Icelanders, fall back in your ranks and give way to the Indians. We have at least as many variations on the power theme as you have on the blizzard front
They say Icelanders have more than 50 names for snow. It may be an exaggeration but according to the website of the government of Iceland they do have 20 different ways of saying “blizzard”. If one’s vocabulary reflects one’s environment, little wonder that we in India have so many words to describe life without electricity.
One morning last week I read in the papers that the decision on load-shedding in our State had been put off. Thirty minutes later – no power. There appeared to be a discrepancy between what I had read and what I had experienced. On the same day a non-Indian friend gloomily reported that a four-hour power cut had paralysed her life. I told her very knowledgeably (hoping I was right) that it was most likely an area-specific power failure probably caused by an exploding transformer. That’s when I began to cogitate on the terminology of power and how most foreigners would marvel at the hazaar Indian expressions that denote subtly varying degrees of “powerlessness”.
Let us begin with a peculiarly Indian term: load-shedding. When the system is overloaded, creaking under the weight of a zillion lights burning and gadgets working, it puffs and pants like an obese American. When it finally wails, “I can’t take it anymore”, the authorities take pity on it and “shed” its extra load by simply cutting off power for a certain number of hours every day for several weeks (remember when it used to be months?). They usually wait till the nth hour before resorting to this unpopular measure, and you can bet your last unit that the nth hour is heralded by a blackout: the grid grinds to a halt, and newspapers the next day describe how “darkness enveloped large parts of the State”.
Power-cut is another example of Ind-lish. In few countries do they deliberately stop supplying power in order to save it. A power shutdown is when power is cut off for maintenance or repair. It is not the same as a power breakdown, or power failure, when supply ceases because machinery collapses or equipment stops working. A shutdown is intentional, a breakdown unintended. Power outage, from what I can gather, can be a voluntary or an involuntary break in supply, either a cut or a failure. Power loss, however, is entirely different. It has to do with transmission losses, when current supplied is far less than current generated. These “leaks” could be a result of the poor quality of distribution, or of power theft, when power is illegally tapped from an overhead line.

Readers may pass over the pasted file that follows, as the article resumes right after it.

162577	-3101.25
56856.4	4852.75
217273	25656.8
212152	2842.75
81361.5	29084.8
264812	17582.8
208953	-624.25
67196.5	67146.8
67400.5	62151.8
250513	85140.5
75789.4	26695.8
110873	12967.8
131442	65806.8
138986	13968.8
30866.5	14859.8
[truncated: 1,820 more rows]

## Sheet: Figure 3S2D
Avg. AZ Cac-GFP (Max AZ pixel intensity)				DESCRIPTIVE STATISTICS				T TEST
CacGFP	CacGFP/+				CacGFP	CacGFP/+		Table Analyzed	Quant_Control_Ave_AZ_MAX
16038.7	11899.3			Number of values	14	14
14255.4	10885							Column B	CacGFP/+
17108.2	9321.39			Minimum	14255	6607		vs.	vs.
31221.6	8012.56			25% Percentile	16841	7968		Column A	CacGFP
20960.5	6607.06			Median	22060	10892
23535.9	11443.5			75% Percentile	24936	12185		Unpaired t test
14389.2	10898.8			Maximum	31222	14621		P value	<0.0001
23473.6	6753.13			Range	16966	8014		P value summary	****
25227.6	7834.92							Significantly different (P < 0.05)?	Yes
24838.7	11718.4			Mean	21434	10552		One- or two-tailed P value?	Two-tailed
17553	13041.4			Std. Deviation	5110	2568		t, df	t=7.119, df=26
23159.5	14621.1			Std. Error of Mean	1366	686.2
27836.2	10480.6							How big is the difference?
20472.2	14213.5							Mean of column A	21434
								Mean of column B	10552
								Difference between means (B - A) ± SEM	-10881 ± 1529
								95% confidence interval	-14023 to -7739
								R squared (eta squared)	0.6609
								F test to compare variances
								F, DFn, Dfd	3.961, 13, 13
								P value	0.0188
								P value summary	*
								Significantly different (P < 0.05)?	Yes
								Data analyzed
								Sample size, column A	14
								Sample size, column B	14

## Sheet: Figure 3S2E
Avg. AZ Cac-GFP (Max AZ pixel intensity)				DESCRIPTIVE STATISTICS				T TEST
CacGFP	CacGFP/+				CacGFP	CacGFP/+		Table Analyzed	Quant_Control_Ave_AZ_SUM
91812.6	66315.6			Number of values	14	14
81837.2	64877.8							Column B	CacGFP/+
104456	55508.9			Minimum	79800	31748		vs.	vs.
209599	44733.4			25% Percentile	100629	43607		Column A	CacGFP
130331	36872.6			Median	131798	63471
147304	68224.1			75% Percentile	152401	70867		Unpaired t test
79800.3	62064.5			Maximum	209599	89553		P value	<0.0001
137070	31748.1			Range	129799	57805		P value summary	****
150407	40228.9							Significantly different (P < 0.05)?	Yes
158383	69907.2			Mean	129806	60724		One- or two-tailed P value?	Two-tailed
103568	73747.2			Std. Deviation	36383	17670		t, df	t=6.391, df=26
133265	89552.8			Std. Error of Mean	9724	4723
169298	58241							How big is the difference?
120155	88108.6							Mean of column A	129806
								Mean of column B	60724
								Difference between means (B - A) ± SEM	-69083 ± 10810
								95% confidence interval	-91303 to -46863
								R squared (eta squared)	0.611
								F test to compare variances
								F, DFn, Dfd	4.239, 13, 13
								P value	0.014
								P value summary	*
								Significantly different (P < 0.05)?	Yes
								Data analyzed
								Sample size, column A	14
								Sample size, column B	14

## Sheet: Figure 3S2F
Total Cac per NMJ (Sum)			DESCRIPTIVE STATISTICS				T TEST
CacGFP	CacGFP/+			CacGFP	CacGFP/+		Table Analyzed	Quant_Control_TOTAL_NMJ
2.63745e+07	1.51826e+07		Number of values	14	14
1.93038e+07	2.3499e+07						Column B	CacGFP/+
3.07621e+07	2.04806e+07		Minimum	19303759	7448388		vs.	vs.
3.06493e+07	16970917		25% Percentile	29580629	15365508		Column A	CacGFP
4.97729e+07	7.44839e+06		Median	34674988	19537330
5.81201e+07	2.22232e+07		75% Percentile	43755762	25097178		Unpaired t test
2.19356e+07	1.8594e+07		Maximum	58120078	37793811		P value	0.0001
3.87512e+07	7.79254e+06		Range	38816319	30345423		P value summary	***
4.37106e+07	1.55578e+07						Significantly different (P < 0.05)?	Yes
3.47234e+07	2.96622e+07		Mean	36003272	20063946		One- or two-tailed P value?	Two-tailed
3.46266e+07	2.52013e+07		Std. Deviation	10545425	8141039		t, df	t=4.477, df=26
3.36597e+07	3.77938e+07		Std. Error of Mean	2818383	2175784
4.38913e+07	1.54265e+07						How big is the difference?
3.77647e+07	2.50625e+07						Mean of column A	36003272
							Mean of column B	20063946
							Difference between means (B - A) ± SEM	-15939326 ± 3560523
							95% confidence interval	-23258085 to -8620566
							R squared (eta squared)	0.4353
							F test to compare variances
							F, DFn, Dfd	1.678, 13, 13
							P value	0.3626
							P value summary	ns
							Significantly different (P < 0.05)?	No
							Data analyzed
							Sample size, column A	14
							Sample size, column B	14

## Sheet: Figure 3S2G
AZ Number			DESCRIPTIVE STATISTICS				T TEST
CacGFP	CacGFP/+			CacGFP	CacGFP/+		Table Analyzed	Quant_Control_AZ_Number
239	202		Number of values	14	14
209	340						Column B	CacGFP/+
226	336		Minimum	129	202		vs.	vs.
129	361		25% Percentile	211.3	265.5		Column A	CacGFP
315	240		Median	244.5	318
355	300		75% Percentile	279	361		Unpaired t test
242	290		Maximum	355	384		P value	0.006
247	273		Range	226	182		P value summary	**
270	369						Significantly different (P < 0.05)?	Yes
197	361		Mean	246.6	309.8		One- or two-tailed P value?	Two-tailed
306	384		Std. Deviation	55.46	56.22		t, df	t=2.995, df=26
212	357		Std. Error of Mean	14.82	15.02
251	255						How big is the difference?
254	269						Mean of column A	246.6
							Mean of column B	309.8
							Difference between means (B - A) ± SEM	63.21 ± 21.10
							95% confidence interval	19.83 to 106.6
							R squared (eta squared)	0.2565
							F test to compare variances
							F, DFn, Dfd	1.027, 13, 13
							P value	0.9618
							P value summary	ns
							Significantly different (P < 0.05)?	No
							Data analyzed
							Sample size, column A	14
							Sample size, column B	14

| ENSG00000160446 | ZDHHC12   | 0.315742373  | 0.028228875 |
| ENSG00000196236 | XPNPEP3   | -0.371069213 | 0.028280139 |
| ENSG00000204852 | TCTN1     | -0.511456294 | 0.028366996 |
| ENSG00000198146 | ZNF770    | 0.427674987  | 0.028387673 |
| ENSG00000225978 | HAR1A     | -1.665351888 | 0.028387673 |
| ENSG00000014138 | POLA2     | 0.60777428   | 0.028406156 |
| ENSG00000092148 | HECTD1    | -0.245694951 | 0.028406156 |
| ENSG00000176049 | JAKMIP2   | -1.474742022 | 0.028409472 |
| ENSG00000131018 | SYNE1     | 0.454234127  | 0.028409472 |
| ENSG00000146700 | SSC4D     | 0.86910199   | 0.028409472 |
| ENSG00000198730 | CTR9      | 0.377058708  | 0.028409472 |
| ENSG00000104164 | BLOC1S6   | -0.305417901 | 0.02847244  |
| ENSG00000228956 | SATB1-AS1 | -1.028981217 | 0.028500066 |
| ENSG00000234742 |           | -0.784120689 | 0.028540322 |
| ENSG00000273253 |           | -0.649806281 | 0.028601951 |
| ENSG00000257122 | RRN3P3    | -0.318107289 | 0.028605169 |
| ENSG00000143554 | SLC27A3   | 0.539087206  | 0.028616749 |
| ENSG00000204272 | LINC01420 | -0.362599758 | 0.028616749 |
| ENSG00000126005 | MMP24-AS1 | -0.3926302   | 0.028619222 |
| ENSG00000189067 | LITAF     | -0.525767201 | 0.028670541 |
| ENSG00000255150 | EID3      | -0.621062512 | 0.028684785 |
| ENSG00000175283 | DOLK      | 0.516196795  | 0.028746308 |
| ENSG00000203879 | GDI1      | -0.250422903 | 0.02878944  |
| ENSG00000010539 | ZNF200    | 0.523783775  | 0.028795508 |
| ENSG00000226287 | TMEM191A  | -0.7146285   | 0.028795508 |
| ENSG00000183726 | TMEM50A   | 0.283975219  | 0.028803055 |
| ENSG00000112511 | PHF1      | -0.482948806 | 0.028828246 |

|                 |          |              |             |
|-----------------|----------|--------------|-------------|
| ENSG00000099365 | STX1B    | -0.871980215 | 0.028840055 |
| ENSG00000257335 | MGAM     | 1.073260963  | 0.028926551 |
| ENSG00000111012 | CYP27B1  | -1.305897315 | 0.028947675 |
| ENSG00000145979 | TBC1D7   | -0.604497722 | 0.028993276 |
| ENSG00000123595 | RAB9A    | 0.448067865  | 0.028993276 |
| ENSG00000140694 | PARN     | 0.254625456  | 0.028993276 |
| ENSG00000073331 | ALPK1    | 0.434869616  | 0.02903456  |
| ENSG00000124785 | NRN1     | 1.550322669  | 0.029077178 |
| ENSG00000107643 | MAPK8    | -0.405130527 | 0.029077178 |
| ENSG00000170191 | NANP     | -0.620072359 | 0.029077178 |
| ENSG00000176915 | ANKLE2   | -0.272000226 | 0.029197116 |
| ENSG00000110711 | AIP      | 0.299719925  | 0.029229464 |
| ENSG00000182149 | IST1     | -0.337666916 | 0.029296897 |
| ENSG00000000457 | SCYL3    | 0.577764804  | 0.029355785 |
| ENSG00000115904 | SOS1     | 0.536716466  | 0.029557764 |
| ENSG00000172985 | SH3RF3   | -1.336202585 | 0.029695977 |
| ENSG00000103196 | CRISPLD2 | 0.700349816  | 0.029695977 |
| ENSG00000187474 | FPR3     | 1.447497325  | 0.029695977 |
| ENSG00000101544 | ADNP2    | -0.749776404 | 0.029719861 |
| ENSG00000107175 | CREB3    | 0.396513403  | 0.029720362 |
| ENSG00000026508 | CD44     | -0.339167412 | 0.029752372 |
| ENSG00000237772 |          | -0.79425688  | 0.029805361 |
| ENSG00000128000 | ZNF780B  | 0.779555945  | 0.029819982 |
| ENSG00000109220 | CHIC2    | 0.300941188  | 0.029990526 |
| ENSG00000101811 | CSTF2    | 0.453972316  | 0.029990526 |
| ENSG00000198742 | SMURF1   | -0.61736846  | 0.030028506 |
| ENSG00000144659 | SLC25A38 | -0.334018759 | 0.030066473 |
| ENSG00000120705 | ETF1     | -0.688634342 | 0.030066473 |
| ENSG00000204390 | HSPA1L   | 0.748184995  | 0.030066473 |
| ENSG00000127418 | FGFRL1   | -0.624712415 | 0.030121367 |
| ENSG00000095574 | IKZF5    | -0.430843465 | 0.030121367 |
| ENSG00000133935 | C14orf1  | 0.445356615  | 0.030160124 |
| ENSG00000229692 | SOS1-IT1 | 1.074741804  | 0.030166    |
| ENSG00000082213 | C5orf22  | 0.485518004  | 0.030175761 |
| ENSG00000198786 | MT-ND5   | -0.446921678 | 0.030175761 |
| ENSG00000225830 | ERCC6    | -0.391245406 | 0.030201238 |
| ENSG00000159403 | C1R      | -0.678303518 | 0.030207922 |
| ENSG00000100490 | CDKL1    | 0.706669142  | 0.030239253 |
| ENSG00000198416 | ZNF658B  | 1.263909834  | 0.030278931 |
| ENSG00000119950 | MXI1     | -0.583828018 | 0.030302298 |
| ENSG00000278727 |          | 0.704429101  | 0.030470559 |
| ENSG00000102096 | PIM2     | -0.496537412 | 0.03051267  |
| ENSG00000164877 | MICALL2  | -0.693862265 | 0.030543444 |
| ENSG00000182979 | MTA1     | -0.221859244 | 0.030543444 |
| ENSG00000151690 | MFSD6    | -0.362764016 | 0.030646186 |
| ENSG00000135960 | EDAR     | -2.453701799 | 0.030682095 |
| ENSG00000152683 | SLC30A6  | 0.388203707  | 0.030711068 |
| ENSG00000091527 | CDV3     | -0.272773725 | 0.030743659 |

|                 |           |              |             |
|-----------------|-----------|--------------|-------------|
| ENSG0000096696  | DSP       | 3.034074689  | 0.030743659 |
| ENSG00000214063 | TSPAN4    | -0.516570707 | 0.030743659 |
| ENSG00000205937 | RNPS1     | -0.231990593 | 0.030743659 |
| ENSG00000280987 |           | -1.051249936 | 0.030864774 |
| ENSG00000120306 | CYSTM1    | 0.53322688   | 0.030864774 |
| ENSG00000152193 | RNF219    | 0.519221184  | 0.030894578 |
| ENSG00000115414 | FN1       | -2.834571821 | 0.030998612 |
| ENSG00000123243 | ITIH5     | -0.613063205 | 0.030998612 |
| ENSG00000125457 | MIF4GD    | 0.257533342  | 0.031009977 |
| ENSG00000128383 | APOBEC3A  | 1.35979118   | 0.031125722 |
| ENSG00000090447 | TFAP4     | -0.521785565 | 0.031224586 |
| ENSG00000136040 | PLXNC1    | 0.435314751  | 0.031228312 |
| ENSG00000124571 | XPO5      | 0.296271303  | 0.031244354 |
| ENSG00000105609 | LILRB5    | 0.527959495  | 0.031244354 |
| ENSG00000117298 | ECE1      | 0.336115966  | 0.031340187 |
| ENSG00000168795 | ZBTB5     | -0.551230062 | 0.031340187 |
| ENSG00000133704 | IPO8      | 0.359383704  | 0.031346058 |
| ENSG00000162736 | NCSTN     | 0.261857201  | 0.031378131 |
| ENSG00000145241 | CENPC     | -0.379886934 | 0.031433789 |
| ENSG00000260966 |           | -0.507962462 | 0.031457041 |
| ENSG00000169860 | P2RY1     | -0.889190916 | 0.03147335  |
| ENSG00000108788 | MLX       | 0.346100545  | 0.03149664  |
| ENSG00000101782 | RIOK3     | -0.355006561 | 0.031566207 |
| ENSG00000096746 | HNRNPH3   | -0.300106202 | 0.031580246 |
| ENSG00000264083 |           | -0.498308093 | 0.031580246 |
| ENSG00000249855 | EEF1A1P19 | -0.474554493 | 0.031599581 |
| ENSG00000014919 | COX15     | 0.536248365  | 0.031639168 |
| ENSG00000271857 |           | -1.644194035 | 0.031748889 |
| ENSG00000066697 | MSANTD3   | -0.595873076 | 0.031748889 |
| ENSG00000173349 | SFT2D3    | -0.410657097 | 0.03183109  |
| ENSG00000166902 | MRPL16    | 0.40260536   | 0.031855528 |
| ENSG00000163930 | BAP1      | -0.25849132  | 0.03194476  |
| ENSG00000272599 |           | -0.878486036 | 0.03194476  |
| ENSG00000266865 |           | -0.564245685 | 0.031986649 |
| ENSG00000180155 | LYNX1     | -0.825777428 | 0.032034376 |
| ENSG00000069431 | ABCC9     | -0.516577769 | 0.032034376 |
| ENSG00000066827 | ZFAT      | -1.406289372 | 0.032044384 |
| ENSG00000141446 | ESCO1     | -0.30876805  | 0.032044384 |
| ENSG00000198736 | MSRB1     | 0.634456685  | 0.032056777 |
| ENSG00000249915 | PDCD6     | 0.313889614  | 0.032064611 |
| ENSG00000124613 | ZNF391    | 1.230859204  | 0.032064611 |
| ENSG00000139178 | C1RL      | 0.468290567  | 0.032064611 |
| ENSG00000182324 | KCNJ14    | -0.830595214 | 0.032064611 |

That’s not all. There are scheduled and unscheduled power cuts: one comes with a warning while the other takes you by surprise. Of late I have been experiencing flashes: the light goes out and comes back on almost instantly. There is another kind that I call the all-nighter. The light goes out, comes back in a blaze of glory after an hour or so, and two minutes later it starts to flicker and finally goes out. It comes back after an hour, flickers and goes out again. That’s when you know you’re in for the long haul. If you have a fridge that dates back to the Ice Age, you prepare for a meltdown by morning.
As intrinsic to our lives as power cuts are surges and fluctuations. A power surge can wreck your appliances in an instant while voltage fluctuations can ruin them over a period. That is why you need a stabiliser, which is not a chemical substance but our fondly abbreviated term for a voltage stabiliser.
Icelanders, fall back in your ranks and give way to the Indians. We have at least as many variations on the power theme as you have on the blizzard front; only, we haven’t officially listed them all yet. We mustn’t fail to include our faithful companions, those who are on stand-by to support us when we are powerless. We know them by their pet names: UPS and gen set. Uninterrupted power supply might seem a redundant phrase to you (isn’t power supply supposed to be continuous?) but when we say UPS we’re referring to a neat little box that gives our computers back-up power. Many of us have evolved from UPS to inverter, and of course we need spike busters to prevent our PCs from going bust. Those with minimal needs have to be content with a gen set, a diesel generator that helps you see at night but makes you deaf in the process.
Everything I have described so far relates to those who cannot live without power – we who live in cities. We know there are hundreds of small towns which have extended, year-round power cuts. We know there are thousands of huts, beneficiaries of the grand “rural electrification” scheme, which have just a single naked 15-watt bulb burning a few hours a day. Think about it: if you have power, you are truly powerful. And the displaced villager pays the price for the power that keeps our cities bright.
Stop complaining, therefore. In fact, power cuts may work to your advantage. From what I’ve been hearing, dinner time minus TV is getting to be a whole lot more interesting.
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